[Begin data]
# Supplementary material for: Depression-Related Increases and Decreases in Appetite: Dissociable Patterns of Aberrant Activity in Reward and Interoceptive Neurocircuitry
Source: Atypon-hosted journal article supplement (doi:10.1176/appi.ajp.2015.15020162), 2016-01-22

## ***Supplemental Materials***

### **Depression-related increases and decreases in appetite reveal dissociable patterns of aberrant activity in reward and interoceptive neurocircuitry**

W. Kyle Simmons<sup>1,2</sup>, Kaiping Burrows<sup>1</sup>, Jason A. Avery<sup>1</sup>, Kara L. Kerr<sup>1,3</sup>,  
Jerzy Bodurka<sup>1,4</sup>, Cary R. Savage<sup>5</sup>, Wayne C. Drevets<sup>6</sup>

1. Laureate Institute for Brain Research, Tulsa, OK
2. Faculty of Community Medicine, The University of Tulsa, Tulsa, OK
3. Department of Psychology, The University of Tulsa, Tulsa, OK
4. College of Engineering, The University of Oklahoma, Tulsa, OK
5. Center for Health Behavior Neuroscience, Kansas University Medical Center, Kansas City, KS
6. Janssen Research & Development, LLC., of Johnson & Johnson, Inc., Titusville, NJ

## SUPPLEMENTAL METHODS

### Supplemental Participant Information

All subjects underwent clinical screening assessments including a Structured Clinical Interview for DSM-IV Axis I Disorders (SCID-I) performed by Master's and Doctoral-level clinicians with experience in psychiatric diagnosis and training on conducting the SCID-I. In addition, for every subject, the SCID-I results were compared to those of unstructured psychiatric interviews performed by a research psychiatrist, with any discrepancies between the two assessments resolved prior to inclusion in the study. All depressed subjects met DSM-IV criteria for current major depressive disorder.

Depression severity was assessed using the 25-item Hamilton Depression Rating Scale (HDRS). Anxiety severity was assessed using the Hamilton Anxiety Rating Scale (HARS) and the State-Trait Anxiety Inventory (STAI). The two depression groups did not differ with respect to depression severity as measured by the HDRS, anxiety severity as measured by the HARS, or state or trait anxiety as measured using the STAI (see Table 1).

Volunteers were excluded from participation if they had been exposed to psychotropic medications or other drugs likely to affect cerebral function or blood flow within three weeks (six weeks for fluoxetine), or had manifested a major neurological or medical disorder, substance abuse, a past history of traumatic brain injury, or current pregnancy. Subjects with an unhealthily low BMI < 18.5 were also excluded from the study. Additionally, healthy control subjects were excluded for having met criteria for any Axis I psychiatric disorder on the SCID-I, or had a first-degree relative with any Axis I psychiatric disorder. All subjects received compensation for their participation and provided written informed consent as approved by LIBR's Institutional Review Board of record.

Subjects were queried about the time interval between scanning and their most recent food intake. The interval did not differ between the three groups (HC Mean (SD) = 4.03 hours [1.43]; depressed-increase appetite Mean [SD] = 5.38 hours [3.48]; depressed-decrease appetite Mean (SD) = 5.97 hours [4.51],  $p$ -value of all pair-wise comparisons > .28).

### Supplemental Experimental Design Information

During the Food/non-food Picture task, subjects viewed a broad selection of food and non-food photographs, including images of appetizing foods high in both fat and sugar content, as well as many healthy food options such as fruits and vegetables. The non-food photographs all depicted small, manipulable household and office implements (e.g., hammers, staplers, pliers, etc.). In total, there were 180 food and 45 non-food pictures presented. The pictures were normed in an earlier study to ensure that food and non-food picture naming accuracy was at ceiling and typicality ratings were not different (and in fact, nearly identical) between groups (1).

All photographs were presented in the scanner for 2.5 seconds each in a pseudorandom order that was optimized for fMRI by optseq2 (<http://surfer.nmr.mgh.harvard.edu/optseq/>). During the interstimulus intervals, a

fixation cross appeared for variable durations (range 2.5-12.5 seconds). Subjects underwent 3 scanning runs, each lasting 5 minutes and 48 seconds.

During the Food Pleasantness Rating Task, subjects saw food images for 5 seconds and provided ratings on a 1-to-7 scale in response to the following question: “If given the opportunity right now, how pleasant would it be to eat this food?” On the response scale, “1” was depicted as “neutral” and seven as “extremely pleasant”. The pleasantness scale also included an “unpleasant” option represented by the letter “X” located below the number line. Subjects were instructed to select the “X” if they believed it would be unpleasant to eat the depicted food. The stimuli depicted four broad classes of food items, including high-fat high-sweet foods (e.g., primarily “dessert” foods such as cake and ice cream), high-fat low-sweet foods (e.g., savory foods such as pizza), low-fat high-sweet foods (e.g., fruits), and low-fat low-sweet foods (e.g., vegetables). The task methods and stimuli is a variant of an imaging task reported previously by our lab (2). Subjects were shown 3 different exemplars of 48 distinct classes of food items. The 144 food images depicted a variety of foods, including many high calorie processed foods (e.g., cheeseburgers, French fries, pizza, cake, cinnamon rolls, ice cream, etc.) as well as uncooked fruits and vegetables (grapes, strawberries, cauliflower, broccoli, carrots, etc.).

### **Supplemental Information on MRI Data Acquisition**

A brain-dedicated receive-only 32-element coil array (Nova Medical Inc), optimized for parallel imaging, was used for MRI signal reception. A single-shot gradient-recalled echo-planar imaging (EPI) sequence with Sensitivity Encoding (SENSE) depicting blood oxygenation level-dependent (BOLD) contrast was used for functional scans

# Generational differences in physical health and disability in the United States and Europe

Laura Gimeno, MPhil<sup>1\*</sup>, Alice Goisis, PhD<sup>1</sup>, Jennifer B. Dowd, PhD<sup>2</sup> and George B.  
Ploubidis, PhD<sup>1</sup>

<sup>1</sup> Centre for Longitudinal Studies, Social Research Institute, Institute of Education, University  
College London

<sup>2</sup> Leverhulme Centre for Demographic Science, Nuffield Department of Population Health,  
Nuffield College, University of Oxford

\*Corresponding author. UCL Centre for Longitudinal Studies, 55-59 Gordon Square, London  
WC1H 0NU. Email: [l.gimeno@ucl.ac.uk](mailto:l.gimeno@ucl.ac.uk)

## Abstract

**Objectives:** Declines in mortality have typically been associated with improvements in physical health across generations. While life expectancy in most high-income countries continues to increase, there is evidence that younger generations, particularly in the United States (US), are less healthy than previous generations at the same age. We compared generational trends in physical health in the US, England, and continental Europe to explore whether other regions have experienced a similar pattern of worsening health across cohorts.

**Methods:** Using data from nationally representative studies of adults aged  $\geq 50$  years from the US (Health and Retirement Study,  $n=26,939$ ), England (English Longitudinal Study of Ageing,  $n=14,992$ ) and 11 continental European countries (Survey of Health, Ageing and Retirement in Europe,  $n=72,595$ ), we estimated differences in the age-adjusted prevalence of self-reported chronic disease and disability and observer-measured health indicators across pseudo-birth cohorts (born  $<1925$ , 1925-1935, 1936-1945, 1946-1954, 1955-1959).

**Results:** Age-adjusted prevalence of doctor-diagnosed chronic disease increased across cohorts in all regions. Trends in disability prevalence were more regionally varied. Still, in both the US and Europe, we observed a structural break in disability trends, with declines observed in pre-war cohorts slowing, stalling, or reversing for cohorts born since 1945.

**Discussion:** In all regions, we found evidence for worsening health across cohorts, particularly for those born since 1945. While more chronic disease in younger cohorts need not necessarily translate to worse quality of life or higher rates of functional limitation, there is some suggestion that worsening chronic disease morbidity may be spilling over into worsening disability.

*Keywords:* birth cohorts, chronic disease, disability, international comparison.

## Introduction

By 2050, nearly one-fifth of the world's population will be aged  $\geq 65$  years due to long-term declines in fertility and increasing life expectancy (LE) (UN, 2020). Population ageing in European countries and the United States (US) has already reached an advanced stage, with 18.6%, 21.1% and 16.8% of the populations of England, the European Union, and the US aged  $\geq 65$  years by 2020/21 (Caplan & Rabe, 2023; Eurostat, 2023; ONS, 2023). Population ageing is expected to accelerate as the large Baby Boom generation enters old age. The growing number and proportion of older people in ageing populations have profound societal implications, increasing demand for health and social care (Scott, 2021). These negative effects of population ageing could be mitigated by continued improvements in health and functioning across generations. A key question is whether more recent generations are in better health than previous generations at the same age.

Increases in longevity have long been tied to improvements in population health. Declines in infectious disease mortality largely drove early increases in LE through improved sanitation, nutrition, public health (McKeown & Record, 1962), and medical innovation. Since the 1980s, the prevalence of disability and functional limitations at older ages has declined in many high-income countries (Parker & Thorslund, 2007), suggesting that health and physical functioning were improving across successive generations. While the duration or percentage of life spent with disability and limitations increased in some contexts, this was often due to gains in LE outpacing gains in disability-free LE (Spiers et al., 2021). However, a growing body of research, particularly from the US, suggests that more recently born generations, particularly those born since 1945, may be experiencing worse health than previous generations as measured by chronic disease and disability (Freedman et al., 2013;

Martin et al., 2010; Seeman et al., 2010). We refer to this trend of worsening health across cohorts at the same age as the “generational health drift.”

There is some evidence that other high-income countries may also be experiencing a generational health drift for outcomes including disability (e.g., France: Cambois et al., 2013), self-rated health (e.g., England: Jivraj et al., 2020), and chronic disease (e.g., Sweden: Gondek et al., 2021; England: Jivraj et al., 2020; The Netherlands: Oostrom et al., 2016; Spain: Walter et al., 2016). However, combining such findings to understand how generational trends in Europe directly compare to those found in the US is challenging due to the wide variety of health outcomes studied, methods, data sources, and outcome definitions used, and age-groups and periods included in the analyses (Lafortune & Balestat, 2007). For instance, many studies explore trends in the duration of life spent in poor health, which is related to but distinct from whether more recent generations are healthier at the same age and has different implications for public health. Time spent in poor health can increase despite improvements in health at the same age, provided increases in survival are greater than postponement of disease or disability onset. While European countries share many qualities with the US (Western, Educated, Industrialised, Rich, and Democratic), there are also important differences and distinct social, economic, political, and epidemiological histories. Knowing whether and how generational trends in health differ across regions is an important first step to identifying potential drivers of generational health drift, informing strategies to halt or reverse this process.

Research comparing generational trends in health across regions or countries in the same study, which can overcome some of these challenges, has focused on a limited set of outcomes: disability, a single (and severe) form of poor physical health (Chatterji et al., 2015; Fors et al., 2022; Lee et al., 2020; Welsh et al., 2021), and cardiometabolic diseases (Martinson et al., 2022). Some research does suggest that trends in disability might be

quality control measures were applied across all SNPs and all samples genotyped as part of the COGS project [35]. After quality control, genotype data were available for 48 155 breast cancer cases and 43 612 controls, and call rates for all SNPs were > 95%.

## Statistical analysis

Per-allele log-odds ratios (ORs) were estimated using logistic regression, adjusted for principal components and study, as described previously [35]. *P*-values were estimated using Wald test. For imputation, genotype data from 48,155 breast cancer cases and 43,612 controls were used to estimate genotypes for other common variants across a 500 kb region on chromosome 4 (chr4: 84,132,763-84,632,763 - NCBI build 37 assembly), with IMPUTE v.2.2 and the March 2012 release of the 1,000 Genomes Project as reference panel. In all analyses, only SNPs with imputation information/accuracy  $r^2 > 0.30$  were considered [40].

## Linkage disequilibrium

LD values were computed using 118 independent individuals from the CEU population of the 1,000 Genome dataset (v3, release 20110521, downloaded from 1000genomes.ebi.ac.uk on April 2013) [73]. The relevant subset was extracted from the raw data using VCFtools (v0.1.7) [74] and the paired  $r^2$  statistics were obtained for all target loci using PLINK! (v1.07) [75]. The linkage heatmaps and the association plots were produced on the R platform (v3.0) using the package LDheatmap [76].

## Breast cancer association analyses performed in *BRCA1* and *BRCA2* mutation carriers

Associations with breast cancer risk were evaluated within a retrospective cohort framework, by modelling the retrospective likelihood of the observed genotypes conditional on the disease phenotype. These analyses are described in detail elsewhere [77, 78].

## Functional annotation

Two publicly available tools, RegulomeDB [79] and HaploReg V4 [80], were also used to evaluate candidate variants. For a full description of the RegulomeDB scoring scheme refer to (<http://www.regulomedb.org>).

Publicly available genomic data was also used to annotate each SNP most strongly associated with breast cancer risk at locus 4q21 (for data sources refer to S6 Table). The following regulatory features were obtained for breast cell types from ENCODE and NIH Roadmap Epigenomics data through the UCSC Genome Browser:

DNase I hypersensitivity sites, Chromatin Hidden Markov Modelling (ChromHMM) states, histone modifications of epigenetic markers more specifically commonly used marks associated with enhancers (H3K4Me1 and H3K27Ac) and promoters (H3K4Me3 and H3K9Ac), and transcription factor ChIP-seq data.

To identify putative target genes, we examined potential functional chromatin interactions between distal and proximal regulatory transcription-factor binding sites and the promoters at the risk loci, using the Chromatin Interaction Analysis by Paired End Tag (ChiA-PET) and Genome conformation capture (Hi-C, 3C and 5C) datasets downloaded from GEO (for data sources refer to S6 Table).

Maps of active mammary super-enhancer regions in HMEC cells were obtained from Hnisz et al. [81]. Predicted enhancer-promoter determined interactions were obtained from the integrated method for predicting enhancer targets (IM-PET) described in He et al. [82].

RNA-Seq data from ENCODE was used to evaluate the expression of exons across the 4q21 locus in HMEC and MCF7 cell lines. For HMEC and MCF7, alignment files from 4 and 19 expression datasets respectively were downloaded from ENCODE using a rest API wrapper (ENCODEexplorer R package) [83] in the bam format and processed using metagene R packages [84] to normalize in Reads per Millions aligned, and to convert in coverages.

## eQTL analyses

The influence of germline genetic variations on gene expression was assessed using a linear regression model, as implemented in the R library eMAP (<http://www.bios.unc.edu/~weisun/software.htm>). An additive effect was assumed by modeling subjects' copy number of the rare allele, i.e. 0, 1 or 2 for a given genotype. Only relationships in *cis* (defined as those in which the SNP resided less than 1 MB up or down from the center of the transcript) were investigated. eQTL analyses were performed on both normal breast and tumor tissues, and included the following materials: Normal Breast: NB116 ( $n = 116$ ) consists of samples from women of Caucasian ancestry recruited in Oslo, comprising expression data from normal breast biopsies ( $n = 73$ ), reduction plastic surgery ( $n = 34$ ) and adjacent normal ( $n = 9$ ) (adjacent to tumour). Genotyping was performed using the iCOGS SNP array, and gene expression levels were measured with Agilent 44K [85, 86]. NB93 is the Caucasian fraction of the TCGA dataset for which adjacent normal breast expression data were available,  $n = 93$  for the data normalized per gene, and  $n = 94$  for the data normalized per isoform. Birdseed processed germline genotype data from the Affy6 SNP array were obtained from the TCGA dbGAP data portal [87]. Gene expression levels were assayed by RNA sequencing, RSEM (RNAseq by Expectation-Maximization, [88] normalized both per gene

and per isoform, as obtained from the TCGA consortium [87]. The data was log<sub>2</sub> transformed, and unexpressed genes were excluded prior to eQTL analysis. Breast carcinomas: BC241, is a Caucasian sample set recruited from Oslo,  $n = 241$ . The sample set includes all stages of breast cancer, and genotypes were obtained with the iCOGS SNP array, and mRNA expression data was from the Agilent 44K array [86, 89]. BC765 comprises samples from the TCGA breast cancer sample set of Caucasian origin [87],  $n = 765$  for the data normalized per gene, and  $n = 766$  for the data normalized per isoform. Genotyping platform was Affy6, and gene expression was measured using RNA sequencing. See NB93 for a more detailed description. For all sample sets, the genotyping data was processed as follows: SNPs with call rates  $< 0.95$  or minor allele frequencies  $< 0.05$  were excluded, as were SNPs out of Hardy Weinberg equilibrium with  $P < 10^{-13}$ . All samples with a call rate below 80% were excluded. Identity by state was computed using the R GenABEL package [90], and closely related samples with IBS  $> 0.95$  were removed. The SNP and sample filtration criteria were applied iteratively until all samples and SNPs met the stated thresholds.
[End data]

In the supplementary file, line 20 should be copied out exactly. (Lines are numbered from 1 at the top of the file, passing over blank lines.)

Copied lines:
During the Food/non-food Picture task, subjects viewed a broad selection of food and non-food photographs, including images of appetizing foods high in both fat and sugar content, as well as many healthy food options such as fruits and vegetables. The non-food photographs all depicted small, manipulable household and office implements (e.g., hammers, staplers, pliers, etc.). In total, there were 180 food and 45 non-food pictures presented. The pictures were normed in an earlier study to ensure that food and non-food picture naming accuracy was at ceiling and typicality ratings were not different (and in fact, nearly identical) between groups (1).